Commenting on a scene in Sam Neill's documentary on New Zealand film, Cinema of Unease (1995), the critic Philip Matthews remarked in the journal Landfall: "Neill was surely right to rush past the madhouse, rather than the haunted house or the graveyard", because in New Zealand films "monsters are humans – damaged, homicidal, psychotic."
There is indeed a rich tradition of New Zealand Gothic which bridges horror stories, mystery-thrillers, art movies like Jane Campion's The Piano (1993) and short experimental pieces like Alison Maclean's Kitchen Sink (1989) – shot through with black humour and a misanthropic sense of the fundamental amorality of human behaviour.
It is into these dark, ironic waters that Perfect Strangers proudly swims. Its writer-director, Gaylene Preston, was there at the start of the Gothic trend with her intriguing feature Mr Wrong in 1984. And even earlier, in the magazine Alternative Cinema, Preston, Maclean and Campion were all figuring out how to relate their feminism to their love of popular fiction.
Perfect Strangers is another parable of a woman bumping into Mr Wrong. Melanie (Rachael Blake) is swiftly established in the early scenes as a feisty but frustrated person, open to the temptation offered by the seductive figure known only as The Man (Sam Neill).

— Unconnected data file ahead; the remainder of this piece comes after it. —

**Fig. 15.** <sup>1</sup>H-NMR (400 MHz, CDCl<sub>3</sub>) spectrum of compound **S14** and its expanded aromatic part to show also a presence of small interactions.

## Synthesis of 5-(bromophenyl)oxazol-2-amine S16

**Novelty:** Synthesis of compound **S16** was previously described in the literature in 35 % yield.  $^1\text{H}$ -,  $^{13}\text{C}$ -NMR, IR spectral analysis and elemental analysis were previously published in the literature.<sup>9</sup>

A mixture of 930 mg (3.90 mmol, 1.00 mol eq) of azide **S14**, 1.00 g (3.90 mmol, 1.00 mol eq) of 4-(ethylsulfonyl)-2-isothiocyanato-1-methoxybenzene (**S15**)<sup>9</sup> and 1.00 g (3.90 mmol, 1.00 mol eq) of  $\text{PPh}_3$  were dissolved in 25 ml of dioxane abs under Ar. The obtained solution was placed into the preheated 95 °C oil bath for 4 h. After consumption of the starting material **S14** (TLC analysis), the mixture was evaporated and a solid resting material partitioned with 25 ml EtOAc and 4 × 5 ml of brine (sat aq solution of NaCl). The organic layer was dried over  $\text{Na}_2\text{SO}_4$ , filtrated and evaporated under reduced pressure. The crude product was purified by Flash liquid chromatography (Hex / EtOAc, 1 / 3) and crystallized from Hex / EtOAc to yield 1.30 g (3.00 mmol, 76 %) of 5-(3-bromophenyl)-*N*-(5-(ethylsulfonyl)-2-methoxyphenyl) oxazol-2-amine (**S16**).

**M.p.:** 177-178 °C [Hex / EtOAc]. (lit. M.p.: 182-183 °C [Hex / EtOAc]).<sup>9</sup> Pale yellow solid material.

Hardly twenty minutes has gone by before Melanie is screaming for her freedom as The Man powers his boat towards his secluded island mansion. At this moment, many viewers will wonder: hasn't this story just squandered its central Gothic ambiguity, the possibility that this woman really might desire what most threatens her? But Preston has other plans for these characters that go beyond the thriller genre.
Perfect Strangers does not come with a Japanese Story-style embargo on disclosing its central plot move. But maybe it should. Suffice to say, what begins as a Sleeping with the Enemy-style romance-thriller evolves into a sometimes gruesome fantasy reminiscent of Roman Polanski's more surreal efforts. In this scenario, the power play of man and woman unfolds between reality and fantasy, in a dance of shifting identities.
Perfect Strangers is an uneven achievement. It is full of terrific ideas and felicitous stylistic touches, but it never becomes a whole piece. Whenever the film hits a new plateau, it tends to sit there for too long. One longs for more twists, deeper complications, an ever-greater flight of the imagination.
Nonetheless, the film makes a fascinating double with Campion's contemporaneous erotic thriller, In the Cut (2003). In both films, it's hard to tell a woman's libido from her Freudian death-drive – and even harder to decide whether the average guy is a super lover, a serial killer, or just a big, helpless kid.
© Adrian Martin October 2003